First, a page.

“The funny thing is that after 37 years in business, and not having an accounting background, I didn’t know what many of these things meant—not to mention tracking them—for the first 15 to 20 years,” says Bonifas. “After joining CETA and talking to other successful dealers, I found out how important this information is.”

     Take EBIT [earnings before taxes and interest], a measure that many companies—and their creditors—key to when making a strategic plan. The ratio of EBIT to total assets, when strong, points to a profitable company.

     “The biggest improvements at my company have happened over the last 10 years as we have learned more about and paid attention to the financial performance metrics of the business,” explains Bonifas. “After doing the benchmarking for several years, I am now able to evaluate trends, which mostly have been positive. It’s interesting how things coincide like that.”

     The enthusiasm for benchmarking among distributors is mirrored by manufacturers who support
the program. 

     “Mi-T-M has been a sponsor of the CETA benchmarking program since its inception,” says Aaron Auger, the water treatment division manager at the corporation based in Peosta, IA. “There are many ways that we support CETA throughout the year, but benchmarking is something that we can do that directly benefits members by allowing them to participate in a program that is both informative and educational.”

     Positive feedback from members is always welcome—and it’s consistent. “I have yet to talk to a CETA member who has benchmarked who has said they didn’t benefit from the report,” says Auger.

     The ability benchmarking gives companies to “take a look inside” their businesses and eliminate weaknesses and build on strengths gets high marks from Auger. “Because of the direct benefit to CETA members, benchmarking is a program that we will continue to support here at our company.”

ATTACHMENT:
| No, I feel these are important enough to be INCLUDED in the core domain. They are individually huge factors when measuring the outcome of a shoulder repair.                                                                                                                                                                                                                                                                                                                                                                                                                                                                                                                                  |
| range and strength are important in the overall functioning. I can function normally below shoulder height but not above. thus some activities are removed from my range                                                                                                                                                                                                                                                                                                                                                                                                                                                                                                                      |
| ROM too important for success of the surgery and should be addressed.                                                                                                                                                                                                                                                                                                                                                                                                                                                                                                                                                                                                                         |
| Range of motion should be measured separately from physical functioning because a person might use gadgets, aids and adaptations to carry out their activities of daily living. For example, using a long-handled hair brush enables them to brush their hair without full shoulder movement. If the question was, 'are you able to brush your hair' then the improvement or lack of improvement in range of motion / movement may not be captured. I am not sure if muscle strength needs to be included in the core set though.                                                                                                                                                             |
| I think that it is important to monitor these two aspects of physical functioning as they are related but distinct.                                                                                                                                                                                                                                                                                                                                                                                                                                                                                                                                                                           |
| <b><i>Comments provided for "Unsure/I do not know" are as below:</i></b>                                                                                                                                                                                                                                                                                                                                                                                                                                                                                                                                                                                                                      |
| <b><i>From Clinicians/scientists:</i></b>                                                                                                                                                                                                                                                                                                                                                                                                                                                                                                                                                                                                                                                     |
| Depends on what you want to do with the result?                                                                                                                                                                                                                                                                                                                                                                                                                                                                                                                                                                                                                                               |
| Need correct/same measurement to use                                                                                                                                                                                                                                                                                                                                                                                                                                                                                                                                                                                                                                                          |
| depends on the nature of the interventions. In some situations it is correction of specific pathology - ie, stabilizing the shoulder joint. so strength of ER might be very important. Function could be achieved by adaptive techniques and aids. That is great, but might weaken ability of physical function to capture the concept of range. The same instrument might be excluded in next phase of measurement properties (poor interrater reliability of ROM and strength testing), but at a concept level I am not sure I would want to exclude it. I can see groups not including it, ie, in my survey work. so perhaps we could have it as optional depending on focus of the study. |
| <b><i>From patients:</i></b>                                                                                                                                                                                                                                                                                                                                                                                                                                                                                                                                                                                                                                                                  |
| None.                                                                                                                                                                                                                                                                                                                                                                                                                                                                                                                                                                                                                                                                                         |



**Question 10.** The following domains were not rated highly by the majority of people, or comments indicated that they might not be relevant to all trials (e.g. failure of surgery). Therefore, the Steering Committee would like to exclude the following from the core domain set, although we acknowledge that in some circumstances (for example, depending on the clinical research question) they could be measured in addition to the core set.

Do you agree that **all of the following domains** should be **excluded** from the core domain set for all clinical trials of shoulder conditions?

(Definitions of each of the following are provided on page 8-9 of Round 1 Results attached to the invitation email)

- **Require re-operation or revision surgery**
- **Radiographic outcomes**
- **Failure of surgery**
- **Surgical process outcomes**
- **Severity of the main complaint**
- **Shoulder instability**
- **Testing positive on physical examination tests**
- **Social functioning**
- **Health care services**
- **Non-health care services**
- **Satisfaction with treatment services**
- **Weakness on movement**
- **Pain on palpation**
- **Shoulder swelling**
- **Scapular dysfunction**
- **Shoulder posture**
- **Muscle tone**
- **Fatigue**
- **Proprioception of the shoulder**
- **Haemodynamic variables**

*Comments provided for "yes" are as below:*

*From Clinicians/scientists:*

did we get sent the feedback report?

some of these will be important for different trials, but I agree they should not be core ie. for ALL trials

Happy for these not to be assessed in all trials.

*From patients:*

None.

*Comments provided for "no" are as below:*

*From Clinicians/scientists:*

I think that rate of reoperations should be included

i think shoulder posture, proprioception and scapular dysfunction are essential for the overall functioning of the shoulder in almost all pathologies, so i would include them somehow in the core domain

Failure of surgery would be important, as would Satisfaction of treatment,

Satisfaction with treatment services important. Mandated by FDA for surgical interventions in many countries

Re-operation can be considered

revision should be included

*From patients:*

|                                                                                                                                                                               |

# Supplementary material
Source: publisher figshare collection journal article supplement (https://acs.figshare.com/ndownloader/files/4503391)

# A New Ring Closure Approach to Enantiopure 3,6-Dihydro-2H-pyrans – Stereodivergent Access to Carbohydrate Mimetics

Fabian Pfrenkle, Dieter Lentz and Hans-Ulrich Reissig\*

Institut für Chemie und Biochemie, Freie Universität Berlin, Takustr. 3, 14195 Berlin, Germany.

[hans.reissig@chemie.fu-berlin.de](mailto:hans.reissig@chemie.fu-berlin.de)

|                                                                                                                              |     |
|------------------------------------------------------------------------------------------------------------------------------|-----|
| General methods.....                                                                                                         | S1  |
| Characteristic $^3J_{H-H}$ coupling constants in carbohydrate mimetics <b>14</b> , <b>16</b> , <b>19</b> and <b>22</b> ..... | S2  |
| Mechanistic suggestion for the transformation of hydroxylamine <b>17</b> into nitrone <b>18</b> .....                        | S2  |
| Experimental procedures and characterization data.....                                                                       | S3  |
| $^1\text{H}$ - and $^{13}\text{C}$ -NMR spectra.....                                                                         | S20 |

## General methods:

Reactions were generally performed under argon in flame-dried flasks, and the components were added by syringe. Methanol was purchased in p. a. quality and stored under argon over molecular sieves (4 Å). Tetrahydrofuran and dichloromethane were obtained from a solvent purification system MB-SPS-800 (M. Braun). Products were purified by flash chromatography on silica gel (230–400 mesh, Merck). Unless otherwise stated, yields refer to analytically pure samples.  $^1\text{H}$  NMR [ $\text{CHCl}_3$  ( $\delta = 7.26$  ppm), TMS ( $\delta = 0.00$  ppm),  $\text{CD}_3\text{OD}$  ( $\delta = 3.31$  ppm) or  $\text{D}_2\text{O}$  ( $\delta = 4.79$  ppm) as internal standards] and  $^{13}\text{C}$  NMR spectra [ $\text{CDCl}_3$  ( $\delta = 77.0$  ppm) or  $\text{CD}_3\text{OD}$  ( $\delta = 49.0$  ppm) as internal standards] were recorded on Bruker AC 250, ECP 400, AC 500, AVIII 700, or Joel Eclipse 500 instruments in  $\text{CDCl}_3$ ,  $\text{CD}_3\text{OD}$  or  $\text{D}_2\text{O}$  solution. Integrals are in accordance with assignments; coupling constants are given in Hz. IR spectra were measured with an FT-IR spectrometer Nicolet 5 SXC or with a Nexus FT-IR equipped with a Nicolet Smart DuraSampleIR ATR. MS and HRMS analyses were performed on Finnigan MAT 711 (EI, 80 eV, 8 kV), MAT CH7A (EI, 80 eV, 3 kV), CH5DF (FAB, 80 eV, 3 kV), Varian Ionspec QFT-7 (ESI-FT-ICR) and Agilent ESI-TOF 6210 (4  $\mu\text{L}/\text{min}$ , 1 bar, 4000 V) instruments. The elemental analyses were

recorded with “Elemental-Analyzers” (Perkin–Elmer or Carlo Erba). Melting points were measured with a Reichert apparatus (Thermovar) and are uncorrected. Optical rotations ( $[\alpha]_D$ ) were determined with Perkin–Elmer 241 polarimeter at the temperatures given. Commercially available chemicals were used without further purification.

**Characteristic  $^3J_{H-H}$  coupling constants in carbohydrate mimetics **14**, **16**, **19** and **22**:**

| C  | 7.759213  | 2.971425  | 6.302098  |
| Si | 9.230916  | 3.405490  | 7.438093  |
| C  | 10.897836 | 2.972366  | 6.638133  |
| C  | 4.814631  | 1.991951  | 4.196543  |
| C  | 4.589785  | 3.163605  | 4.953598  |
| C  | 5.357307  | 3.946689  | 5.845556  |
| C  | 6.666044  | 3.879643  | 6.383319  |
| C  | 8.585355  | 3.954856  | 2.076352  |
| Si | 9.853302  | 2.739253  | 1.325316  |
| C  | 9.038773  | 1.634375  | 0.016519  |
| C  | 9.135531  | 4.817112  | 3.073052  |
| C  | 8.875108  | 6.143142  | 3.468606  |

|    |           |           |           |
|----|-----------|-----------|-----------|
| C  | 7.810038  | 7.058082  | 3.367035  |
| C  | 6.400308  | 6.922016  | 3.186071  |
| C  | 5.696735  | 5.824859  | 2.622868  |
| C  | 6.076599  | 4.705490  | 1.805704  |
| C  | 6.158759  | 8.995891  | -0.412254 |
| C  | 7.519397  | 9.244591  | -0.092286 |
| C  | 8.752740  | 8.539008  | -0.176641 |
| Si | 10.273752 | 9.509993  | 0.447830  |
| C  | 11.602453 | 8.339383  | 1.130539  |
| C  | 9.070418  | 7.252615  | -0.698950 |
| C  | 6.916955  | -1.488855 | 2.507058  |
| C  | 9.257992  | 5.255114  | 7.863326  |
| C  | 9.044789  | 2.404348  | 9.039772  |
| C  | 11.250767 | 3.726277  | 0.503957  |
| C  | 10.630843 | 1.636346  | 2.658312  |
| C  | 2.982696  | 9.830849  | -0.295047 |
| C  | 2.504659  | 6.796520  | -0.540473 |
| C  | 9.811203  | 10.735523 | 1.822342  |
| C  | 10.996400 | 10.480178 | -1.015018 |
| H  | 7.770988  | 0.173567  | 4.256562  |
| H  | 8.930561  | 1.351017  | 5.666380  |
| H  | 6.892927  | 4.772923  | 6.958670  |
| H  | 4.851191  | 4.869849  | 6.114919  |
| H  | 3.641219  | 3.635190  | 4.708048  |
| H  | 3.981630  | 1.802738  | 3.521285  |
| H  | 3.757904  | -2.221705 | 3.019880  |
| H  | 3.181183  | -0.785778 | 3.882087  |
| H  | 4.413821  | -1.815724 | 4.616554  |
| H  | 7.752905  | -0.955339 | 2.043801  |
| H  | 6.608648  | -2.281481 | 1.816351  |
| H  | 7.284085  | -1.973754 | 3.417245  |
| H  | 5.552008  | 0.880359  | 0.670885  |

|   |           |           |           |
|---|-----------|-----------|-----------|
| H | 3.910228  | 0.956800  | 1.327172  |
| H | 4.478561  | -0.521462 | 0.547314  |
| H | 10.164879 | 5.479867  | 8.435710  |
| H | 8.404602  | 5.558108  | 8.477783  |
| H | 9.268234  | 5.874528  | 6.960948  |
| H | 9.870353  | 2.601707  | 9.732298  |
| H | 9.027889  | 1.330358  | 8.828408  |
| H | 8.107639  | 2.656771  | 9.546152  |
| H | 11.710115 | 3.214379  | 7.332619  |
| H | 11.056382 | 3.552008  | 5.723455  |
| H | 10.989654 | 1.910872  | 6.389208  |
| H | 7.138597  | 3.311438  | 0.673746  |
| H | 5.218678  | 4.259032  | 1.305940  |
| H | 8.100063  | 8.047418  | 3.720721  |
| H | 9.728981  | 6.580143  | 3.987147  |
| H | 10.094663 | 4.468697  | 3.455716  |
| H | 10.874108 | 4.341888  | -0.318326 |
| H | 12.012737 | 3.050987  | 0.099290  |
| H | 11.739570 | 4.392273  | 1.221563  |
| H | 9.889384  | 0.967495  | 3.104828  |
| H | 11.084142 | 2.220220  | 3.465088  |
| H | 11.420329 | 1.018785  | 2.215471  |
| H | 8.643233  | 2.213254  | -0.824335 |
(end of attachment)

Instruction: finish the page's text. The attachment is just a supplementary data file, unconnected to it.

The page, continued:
Kärcher North America Inc., headquartered in Denver, CO, supports benchmarking for many reasons, explains Frank Rotondi, executive vice president, professional distribution sales, marketing, and customer service at the company. “We understand that it is easy to lose sight of the big picture when you are dealing with the day-to-day duties and difficulties of running a small business,” he says.

     “Between sales, service, balancing the books, and any number of other worries, it is hard to make the time to take a step back and really see how your business is performing,” explains Rotondi. “Benchmarking is not just talking about how many pieces of equipment or how many service calls you made, it’s about specifically aligning your goals and future needs with the dealership’s financial performance.

     “Giving the dealers in our industry the ability to benchmark against their peers is a valuable tool, so we not only gladly sponsor the effort but applaud CETA for driving it forward,” continues Rotondi. He adds that he sees much greater potential for using benchmarking results to strengthen the industry in the future.

     “The dealers who take benchmarking a step further and work with others to utilize it see even greater success,” says Rotondi. “Multiple topics, from increasing gross profit margins and billable service hours to decreasing their cost of sales and expenses, or sharing best practices on one specific topic in a small group setting on a monthly call, can lead to substantial gains.”

     Rotondi advocates collaborative building on results. “Meeting once a month for a few hours to benchmark with peers and learn from one another is time well spent. I would encourage dealers to work with the dealers within their distribution networks, or local businesses with a similar sales and service structure, to take their own benchmarking to the next level.”